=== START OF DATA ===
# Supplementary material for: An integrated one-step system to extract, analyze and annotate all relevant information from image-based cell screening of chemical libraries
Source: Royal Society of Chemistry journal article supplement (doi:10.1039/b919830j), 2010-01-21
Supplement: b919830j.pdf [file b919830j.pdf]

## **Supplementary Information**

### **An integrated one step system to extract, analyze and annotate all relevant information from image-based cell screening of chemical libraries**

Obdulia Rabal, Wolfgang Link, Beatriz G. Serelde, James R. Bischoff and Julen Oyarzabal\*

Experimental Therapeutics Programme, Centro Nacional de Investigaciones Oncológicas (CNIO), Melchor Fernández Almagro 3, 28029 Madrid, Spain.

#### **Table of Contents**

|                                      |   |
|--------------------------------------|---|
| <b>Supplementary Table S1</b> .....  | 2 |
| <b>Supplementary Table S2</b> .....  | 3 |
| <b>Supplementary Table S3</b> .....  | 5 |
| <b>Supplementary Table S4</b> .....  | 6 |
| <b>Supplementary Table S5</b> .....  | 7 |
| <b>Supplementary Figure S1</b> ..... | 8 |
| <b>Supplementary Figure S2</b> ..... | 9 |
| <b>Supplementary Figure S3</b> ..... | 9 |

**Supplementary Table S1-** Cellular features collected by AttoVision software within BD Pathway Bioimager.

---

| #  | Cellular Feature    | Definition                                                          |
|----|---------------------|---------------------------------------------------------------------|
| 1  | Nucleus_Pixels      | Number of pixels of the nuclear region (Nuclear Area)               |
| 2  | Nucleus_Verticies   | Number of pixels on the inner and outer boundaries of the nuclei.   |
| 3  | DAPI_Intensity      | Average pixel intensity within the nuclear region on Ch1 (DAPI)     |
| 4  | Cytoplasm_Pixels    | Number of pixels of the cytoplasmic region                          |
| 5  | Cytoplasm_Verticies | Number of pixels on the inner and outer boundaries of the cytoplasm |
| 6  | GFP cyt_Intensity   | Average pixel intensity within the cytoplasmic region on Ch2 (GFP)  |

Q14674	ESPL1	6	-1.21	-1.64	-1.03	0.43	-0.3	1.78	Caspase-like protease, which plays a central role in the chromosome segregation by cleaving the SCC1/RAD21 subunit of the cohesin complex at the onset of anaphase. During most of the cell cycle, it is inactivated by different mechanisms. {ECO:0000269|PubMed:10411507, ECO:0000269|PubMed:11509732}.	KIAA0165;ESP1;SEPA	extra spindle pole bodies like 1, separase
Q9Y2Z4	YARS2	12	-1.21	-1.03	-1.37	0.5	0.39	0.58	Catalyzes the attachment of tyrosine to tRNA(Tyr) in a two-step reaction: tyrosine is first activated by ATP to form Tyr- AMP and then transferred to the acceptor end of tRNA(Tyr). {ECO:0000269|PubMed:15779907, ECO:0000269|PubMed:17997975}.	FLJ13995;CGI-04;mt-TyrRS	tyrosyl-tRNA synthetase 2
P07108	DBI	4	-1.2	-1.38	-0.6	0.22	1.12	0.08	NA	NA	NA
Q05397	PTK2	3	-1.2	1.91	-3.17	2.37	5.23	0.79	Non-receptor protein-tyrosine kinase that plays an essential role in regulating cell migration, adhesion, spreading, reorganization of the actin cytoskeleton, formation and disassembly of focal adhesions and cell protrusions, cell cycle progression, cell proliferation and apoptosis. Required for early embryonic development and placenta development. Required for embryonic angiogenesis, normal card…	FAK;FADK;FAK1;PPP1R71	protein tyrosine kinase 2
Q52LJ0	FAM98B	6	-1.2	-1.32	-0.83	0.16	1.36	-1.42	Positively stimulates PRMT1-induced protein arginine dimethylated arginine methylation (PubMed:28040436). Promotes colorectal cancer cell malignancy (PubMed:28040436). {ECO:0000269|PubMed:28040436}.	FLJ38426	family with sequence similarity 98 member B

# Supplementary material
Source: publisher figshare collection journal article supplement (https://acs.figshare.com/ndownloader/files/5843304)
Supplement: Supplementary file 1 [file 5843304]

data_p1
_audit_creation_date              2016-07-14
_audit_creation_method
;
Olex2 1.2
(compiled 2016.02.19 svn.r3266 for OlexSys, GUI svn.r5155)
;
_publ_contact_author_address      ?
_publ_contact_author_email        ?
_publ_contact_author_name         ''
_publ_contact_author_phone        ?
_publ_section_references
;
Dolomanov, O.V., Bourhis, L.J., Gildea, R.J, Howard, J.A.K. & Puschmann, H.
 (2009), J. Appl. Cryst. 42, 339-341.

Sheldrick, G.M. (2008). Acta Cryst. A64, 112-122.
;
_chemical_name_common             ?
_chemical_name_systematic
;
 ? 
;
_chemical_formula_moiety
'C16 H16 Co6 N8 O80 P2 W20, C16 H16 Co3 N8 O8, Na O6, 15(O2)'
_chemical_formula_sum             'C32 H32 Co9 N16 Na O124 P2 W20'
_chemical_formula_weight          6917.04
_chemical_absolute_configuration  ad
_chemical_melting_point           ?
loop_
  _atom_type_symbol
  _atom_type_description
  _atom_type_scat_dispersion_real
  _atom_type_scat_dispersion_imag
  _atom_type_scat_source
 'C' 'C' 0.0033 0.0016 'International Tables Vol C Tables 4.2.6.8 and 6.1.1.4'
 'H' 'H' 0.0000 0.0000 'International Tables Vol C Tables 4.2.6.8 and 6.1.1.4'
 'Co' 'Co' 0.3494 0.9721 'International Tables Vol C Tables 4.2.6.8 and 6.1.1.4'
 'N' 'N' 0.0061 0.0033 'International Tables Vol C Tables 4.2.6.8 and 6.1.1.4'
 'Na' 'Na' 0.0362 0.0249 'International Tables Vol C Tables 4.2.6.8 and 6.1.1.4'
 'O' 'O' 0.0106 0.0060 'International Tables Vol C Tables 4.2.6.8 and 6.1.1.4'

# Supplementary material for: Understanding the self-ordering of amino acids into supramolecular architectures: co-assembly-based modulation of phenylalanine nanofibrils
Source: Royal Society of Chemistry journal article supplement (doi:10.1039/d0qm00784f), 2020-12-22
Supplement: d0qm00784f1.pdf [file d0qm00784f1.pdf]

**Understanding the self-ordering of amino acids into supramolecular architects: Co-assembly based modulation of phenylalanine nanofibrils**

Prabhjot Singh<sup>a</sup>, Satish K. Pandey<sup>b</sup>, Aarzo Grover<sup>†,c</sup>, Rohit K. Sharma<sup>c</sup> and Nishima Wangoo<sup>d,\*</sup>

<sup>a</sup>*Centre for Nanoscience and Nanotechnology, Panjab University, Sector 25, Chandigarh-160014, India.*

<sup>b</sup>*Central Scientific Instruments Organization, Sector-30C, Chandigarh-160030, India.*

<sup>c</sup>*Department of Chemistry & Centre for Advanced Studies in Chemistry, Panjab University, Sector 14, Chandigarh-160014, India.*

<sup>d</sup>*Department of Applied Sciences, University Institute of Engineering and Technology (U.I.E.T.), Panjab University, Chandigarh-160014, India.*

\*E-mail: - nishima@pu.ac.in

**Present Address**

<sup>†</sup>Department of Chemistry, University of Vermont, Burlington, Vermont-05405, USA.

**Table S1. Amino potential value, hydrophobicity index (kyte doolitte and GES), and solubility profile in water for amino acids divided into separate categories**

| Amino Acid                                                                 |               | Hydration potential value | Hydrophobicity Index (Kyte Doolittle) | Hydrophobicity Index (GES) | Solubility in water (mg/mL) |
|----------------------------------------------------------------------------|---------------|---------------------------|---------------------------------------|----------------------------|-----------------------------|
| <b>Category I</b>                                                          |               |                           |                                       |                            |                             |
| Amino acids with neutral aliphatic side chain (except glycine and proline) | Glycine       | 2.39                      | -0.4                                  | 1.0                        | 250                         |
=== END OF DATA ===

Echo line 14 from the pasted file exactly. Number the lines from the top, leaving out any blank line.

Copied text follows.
| <b>Supplementary Table S4</b> .....  | 6 |